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Cicada Rhythm couples two musical explorers on a folk-tinged journey

A Perfect Pair

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Andrea DeMarcus is totally cool with The Relationship Question. She knows it's coming. A Juilliard-trained double-bass player, she formed Cicada Rhythm with the man she's in love with, guitarist Dave Kirslis, which always raises questions like, "Did you hesitate to combine your personal and professional lives?"

And the thing is, DeMarcus and Kirslis really tried not to be both professional partners and a couple. After a brief relationship before her final year of school, the two reconnected in a strictly musical fashion.

"Dave and I tried to date for a summer like nine years ago," she says, "and it was fine, but I had one more year at school. When I came back after graduating, we really started sharing our music, and our time together, and that's when we got serious about the band and started booking shows. Having already tried to date, we thought that it was important just to pursue the music. Dave really wanted to keep it as professional as possible. But we found ourselves slipping into the old habits."

The music they pursued was a fascinating blend of American folk — the kind that dates back to the early 20th century — with a dash of country twang, shiver-inducing vocal harmonies, and an intricate instrumental interplay between Kirslis' fingerpicked guitar tapestries and DeMarcus' probing, propulsive bass lines. On the band's latest album, Everywhere I Go, the duo, backed by inventive percussionist Colin Agnew, keyboardist Jon Loyd, cellist Nat Smith, and pedal-steel player Mike Stoessel, have created a musical hybrid that fits them like a second skin.

"I really felt strongly about our connection," DeMarcus says, "and I think for us it was the manifestation of what came naturally. Dave was a DIY guy on guitar; he taught himself a lot, and he loved the fingerpicking style. So he came at it with that, and I loved old folk music, so I wanted that sound. When we came together it was pretty natural; I don't think we made it sound like anything it was supposed to be."

The musical alchemy the two discovered has led to a style of music that's easy to enjoy but difficult to describe in conversation. In fact, DeMarcus hates the question about what they play far more than being asked about their relationship.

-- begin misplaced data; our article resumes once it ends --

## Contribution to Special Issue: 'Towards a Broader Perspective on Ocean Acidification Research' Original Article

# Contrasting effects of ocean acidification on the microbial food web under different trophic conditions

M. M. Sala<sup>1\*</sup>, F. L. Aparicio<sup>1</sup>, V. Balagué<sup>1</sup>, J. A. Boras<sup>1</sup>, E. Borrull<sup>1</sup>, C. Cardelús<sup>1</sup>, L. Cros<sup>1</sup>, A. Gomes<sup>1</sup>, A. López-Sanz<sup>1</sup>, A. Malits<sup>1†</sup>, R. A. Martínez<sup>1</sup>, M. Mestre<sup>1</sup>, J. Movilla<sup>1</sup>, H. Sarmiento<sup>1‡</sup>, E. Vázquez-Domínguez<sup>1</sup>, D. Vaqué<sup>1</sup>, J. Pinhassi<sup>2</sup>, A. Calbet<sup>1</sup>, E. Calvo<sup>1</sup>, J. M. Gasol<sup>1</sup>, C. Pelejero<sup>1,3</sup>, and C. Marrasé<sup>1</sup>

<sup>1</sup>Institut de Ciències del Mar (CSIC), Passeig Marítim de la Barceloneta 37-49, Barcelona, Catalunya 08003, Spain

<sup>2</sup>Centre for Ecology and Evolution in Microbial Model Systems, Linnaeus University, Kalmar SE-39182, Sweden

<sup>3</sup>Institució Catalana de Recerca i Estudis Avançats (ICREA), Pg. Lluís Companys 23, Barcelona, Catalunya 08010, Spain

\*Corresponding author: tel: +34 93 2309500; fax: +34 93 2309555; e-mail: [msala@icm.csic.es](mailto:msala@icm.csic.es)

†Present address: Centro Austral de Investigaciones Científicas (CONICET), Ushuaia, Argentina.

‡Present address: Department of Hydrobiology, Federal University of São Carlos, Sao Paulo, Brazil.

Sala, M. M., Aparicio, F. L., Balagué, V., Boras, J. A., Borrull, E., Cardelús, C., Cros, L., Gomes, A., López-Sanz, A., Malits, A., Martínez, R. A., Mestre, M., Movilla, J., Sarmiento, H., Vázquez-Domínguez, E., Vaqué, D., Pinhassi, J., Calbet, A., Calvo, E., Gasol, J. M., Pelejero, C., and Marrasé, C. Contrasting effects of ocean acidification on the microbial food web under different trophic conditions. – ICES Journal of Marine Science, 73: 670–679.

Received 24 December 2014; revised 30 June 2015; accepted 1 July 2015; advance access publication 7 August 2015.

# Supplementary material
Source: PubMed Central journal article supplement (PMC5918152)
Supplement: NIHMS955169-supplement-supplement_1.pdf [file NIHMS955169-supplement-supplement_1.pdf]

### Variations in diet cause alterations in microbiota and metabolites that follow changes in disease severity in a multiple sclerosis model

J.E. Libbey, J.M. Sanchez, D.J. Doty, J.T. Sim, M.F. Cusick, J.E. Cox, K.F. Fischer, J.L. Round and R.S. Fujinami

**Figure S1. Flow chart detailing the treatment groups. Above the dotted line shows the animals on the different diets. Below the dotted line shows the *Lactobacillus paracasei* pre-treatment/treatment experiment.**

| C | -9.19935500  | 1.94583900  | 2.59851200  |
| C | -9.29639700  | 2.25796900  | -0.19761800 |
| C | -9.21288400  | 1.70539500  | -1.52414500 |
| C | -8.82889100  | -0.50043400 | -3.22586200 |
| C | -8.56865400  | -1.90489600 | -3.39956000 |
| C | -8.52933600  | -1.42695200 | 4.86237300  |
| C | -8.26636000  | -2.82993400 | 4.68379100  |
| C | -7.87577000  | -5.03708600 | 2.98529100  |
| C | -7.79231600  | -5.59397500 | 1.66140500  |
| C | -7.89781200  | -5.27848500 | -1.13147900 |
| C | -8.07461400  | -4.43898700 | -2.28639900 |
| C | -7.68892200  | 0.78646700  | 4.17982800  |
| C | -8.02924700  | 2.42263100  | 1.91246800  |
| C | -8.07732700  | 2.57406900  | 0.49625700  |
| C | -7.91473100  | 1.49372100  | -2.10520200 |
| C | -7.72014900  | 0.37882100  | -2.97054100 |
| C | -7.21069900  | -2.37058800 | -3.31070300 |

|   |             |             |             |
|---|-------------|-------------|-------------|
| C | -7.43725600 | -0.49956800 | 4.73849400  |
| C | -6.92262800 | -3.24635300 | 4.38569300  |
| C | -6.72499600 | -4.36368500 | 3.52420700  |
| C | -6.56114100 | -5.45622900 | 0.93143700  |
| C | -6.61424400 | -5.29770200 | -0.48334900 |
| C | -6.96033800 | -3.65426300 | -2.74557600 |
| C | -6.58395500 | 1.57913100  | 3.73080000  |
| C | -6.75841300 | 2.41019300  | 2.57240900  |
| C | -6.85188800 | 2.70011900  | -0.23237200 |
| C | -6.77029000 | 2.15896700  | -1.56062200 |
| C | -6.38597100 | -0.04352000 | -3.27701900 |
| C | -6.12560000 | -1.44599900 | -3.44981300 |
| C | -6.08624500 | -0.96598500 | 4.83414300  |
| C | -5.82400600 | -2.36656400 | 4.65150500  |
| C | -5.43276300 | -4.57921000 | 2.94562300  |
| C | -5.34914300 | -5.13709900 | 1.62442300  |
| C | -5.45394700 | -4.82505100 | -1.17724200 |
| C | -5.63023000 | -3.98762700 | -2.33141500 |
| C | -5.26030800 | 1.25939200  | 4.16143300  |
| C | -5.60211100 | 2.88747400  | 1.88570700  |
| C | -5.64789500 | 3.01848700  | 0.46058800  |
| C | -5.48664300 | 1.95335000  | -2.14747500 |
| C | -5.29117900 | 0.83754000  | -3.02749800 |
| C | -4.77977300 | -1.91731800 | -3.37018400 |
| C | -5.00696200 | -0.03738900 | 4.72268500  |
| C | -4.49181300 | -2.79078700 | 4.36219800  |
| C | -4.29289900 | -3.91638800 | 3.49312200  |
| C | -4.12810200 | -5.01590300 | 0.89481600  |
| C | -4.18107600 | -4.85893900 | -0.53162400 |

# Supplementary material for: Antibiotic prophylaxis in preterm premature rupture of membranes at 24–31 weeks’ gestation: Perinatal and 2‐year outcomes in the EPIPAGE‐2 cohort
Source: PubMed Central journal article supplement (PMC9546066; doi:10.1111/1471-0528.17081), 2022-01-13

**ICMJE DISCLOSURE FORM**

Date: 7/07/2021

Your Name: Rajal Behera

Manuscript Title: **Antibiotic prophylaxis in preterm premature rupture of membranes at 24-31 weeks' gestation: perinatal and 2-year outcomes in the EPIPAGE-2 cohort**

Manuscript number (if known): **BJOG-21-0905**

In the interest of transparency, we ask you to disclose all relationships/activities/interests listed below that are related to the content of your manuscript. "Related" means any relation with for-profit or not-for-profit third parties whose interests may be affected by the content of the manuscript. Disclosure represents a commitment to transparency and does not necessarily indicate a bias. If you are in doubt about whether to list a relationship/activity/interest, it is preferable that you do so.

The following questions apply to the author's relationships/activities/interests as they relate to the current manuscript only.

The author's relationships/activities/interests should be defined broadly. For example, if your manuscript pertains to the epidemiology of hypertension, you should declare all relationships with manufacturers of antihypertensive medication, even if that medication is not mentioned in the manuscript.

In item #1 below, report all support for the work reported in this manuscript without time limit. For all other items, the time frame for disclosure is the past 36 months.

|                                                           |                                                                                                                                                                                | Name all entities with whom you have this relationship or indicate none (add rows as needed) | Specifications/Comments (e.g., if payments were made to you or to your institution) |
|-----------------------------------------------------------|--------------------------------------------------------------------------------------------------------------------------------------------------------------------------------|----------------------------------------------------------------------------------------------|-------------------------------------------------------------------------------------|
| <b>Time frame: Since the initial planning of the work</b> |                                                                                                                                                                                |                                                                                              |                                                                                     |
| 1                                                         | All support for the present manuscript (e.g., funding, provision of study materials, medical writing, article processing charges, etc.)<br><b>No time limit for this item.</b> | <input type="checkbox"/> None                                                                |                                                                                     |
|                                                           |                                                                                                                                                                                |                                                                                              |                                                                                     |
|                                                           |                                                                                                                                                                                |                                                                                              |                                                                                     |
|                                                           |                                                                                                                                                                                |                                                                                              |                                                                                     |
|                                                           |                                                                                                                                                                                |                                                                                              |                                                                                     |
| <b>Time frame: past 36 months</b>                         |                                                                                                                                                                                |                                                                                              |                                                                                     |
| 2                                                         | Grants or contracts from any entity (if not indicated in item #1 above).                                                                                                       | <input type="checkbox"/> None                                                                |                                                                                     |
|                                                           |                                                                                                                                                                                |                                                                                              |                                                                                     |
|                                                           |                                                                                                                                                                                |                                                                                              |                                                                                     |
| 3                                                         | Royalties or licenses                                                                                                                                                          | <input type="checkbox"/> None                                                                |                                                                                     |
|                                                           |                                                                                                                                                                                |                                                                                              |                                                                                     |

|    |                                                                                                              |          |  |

"That's the dreaded question!" she says with a laugh. "Everybody wants to know in words what we bring to the table, and I always say, 'What you're seeing and hearing, that's what Cicada Rhythm is.' It's really impossible to classify it in a genre. It's American music; country, a little jazz, a lot of folk, and a sprinkling of classical in there. It's something you have to experience."

For both the band's music and lyrics, DeMarcus says they looked back past the best-known folk music of the '60s and '70s to earlier, more direct sources.

"I really think that at the core of folk music is grappling with being a human and how you interact with other humans," she says. "My songs, they're kind of emotional and true things to my soul and being. I rarely stray from my own experience when I'm singing. And I think that if you look at a lot of old folk music, or even Hank Williams, he was singing blues and heart-wrenching stuff, and that's what folk is to me. What you feel in your guts, that's what comes out."

In Cicada Rhythm's music, Demarcus' virtuosic bass playing stands side-by-side with Kirslis' guitar, which is an outgrowth of how the instrument spoke to her when she was a teenager.

"I started out playing piano, and I always kind of hated it," she says. "It was what my parents thought was best for me; and it probably was. But when I was in elementary school, it was the classic, 'Do you want to be in band or orchestra?' dilemma, and my dad refused to get me an instrument, so I had to play the one that was available. And it happened to be the bass. They only had one, and I loved being the only bass player; it was my thing, my territory. From then on, I fell in love with it. I loved how versatile the instrument was. It affords me the freedom to try to fill up as much space as I can without going over top."

And yes, for the record, sometimes being in a band with the one you love can be a bit trying.

"It can be messy, and it's scary sometimes, especially for our drummer," she says with a laugh. "It can be precarious, but having everything be as close-knit as possible, it makes us truer, and our music that much more important to us. For us, the music and love are completely intertwined. I'm a believer in fate, so I would take the romantic view that we found each in other in our voices; I think that we got lucky and we just fit."

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